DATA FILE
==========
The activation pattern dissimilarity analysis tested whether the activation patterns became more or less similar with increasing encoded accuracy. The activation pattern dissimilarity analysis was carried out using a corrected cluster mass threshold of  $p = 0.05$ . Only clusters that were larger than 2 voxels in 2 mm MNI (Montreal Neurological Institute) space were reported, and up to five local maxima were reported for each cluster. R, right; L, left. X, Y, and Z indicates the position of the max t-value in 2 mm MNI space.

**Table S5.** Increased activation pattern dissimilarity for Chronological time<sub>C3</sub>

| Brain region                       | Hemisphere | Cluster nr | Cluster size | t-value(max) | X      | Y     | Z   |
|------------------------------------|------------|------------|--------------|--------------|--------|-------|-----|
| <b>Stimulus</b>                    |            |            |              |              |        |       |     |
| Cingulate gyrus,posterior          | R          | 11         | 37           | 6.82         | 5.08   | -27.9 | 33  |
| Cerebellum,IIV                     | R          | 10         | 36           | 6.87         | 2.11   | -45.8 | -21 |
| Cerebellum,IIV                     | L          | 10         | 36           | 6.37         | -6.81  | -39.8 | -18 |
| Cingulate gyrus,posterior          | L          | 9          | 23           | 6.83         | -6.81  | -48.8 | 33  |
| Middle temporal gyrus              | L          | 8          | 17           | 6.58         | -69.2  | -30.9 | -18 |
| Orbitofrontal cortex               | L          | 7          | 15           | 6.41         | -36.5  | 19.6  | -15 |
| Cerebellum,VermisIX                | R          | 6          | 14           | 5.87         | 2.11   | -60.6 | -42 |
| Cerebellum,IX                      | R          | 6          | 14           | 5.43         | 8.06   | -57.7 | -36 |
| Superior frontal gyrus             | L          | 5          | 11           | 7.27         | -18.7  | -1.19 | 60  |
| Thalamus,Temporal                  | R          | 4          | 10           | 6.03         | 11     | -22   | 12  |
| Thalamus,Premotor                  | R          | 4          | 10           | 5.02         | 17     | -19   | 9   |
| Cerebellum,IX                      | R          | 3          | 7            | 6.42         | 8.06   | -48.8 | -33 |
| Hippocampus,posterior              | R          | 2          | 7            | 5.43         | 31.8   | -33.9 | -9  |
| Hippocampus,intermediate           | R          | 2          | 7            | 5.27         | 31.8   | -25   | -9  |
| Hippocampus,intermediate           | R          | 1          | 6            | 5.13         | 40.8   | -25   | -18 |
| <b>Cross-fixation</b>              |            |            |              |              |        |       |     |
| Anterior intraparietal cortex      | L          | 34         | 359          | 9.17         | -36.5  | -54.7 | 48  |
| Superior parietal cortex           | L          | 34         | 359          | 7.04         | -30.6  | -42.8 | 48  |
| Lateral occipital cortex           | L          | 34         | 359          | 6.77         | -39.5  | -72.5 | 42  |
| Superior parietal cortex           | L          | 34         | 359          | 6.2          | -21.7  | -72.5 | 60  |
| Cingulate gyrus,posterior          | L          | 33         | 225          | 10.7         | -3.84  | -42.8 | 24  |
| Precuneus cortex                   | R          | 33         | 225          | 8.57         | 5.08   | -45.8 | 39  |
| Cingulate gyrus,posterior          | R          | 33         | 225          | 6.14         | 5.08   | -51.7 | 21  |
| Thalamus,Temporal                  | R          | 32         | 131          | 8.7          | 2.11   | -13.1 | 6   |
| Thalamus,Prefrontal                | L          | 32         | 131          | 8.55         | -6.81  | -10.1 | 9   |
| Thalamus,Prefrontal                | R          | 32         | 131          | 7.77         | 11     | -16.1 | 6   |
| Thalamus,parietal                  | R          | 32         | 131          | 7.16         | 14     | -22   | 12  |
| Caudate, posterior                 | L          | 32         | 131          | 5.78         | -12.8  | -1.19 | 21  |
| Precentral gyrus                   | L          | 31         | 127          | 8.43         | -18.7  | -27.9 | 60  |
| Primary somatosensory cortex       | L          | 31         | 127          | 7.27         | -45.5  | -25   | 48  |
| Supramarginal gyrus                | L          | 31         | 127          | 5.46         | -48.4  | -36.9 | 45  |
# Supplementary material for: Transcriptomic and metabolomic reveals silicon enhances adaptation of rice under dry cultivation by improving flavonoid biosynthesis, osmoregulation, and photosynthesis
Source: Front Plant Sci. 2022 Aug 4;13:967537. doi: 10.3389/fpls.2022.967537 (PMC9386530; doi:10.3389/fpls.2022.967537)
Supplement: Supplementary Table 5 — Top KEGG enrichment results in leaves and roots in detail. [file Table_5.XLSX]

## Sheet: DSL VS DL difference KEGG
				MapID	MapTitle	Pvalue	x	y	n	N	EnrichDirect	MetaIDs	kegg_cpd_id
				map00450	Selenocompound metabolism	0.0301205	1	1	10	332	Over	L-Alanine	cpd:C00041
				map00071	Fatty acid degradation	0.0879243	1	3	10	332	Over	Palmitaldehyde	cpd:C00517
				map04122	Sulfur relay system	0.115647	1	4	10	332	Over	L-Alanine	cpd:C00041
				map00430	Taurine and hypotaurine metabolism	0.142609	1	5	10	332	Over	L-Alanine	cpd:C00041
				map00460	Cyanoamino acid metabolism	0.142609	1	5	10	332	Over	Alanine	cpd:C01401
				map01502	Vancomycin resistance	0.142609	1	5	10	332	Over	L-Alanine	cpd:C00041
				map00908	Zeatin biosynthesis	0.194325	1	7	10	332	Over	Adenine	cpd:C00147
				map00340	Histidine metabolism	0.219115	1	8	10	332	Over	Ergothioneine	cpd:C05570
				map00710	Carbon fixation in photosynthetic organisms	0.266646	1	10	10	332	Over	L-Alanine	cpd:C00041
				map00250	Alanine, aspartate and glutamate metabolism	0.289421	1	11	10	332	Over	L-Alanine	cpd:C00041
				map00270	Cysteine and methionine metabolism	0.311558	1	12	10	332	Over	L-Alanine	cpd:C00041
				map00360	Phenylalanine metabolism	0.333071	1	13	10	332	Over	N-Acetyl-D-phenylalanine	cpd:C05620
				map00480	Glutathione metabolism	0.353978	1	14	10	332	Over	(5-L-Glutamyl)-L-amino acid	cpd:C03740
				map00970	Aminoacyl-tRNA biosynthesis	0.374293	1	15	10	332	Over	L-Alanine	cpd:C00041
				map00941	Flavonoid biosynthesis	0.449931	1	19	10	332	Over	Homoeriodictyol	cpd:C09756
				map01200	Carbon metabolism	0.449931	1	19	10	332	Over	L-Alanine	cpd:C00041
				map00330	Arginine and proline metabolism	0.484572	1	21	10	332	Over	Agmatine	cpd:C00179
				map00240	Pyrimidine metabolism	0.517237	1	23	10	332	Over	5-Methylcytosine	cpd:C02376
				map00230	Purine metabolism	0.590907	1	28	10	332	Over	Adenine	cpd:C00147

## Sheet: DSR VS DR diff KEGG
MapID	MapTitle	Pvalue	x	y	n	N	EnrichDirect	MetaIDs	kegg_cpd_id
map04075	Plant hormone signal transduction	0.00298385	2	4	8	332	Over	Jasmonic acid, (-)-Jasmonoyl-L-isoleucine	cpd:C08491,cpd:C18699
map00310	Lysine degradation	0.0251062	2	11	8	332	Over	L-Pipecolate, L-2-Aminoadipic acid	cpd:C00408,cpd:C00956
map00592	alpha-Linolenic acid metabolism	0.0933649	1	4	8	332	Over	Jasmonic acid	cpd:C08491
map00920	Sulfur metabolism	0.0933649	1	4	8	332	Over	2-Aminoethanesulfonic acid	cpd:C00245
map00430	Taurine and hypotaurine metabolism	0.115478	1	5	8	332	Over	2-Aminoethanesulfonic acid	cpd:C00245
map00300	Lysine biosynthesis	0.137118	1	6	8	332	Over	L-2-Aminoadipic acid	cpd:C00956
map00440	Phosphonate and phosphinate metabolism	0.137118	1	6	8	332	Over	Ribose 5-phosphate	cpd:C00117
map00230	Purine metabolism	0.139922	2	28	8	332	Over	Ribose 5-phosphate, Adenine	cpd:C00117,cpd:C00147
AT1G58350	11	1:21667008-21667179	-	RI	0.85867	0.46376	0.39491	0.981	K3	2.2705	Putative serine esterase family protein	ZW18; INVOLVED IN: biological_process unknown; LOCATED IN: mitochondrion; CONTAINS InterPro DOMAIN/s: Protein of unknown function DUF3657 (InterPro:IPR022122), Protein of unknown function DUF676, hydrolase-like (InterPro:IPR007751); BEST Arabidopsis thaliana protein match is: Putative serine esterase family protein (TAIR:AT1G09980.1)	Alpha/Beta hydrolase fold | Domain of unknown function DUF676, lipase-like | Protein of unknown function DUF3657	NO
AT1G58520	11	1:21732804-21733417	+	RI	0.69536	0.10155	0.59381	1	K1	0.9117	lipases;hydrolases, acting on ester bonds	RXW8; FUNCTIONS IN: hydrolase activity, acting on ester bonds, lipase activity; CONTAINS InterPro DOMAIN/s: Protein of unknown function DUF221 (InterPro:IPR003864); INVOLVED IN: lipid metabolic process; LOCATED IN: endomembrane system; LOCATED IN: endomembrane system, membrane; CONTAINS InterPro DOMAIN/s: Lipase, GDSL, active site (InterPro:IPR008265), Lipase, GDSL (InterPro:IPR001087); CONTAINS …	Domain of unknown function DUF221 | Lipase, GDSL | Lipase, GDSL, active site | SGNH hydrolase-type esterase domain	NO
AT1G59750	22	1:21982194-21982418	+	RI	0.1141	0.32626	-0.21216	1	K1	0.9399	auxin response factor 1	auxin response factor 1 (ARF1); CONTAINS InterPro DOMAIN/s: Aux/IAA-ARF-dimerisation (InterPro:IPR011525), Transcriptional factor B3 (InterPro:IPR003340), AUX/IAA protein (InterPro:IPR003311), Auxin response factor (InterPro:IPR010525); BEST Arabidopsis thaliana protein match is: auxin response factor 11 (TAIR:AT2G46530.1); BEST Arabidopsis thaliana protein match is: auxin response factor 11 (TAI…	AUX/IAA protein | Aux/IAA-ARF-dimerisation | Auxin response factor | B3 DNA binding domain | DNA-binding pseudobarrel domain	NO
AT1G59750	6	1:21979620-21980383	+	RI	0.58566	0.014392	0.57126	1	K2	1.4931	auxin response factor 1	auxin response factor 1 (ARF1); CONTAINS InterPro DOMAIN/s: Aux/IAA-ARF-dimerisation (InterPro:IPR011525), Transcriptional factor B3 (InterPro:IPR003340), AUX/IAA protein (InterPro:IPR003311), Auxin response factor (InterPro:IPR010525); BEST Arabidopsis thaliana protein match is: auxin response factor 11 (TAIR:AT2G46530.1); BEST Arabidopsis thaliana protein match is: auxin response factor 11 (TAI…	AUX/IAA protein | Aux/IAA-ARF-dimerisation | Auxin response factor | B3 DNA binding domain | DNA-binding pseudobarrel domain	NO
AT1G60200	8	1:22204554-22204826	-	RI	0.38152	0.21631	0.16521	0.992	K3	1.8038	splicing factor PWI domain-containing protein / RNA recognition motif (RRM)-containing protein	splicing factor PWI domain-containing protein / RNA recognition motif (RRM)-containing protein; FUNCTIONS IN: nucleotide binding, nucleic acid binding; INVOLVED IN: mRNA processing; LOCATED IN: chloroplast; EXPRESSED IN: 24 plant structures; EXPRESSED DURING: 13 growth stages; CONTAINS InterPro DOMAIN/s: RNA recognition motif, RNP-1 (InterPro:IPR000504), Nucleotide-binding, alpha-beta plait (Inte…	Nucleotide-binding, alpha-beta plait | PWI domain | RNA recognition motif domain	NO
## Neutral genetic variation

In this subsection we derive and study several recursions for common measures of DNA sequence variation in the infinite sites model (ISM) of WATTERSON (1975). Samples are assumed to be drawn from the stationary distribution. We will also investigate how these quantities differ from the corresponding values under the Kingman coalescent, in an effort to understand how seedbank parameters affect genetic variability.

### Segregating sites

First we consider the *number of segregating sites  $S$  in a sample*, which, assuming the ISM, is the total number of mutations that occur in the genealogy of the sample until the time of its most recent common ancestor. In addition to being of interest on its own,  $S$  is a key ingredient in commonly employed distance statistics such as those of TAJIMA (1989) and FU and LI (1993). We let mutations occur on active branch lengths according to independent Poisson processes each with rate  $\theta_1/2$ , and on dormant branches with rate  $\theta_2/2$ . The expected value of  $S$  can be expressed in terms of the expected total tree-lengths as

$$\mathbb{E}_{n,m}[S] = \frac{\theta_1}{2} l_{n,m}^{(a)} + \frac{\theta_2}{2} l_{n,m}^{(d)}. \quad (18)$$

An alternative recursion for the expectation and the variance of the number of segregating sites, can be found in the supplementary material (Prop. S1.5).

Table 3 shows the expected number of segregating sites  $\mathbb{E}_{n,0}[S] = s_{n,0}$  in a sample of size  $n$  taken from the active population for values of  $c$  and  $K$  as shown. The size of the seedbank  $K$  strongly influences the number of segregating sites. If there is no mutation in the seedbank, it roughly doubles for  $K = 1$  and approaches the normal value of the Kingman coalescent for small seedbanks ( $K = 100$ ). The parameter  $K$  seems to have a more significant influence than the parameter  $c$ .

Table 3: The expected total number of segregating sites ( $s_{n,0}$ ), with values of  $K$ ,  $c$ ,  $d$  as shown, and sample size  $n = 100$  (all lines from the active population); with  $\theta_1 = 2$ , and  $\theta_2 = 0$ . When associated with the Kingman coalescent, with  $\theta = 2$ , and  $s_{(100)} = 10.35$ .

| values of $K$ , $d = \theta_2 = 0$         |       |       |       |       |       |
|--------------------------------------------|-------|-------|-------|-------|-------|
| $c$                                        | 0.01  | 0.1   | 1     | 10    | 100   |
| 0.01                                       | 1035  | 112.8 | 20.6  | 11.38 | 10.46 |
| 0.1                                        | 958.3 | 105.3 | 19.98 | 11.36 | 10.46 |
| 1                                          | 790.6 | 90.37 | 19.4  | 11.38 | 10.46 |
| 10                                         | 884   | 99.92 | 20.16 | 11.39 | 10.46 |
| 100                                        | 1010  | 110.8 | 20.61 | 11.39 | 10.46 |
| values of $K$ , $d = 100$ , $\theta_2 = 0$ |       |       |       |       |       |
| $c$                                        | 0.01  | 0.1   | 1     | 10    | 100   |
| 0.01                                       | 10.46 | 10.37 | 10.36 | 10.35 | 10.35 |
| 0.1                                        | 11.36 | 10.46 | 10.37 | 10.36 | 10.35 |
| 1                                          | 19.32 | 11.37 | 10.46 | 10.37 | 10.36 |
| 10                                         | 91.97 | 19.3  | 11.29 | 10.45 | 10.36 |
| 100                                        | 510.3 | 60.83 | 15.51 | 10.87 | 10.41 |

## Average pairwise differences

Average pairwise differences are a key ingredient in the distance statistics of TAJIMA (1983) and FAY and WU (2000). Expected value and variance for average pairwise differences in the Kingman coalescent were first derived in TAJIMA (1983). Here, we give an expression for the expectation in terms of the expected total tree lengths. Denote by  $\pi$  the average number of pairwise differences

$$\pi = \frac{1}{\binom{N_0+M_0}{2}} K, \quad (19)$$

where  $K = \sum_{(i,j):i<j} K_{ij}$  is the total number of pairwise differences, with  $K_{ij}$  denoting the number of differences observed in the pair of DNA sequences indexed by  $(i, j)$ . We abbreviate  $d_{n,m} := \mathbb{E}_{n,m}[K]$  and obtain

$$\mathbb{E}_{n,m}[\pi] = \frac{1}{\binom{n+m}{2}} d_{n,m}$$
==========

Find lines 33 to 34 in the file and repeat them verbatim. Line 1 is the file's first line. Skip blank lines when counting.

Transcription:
| Caudate, posterior                 | L          | 32         | 131          | 5.78         | -12.8  | -1.19 | 21  |
| Precentral gyrus                   | L          | 31         | 127          | 8.43         | -18.7  | -27.9 | 60  |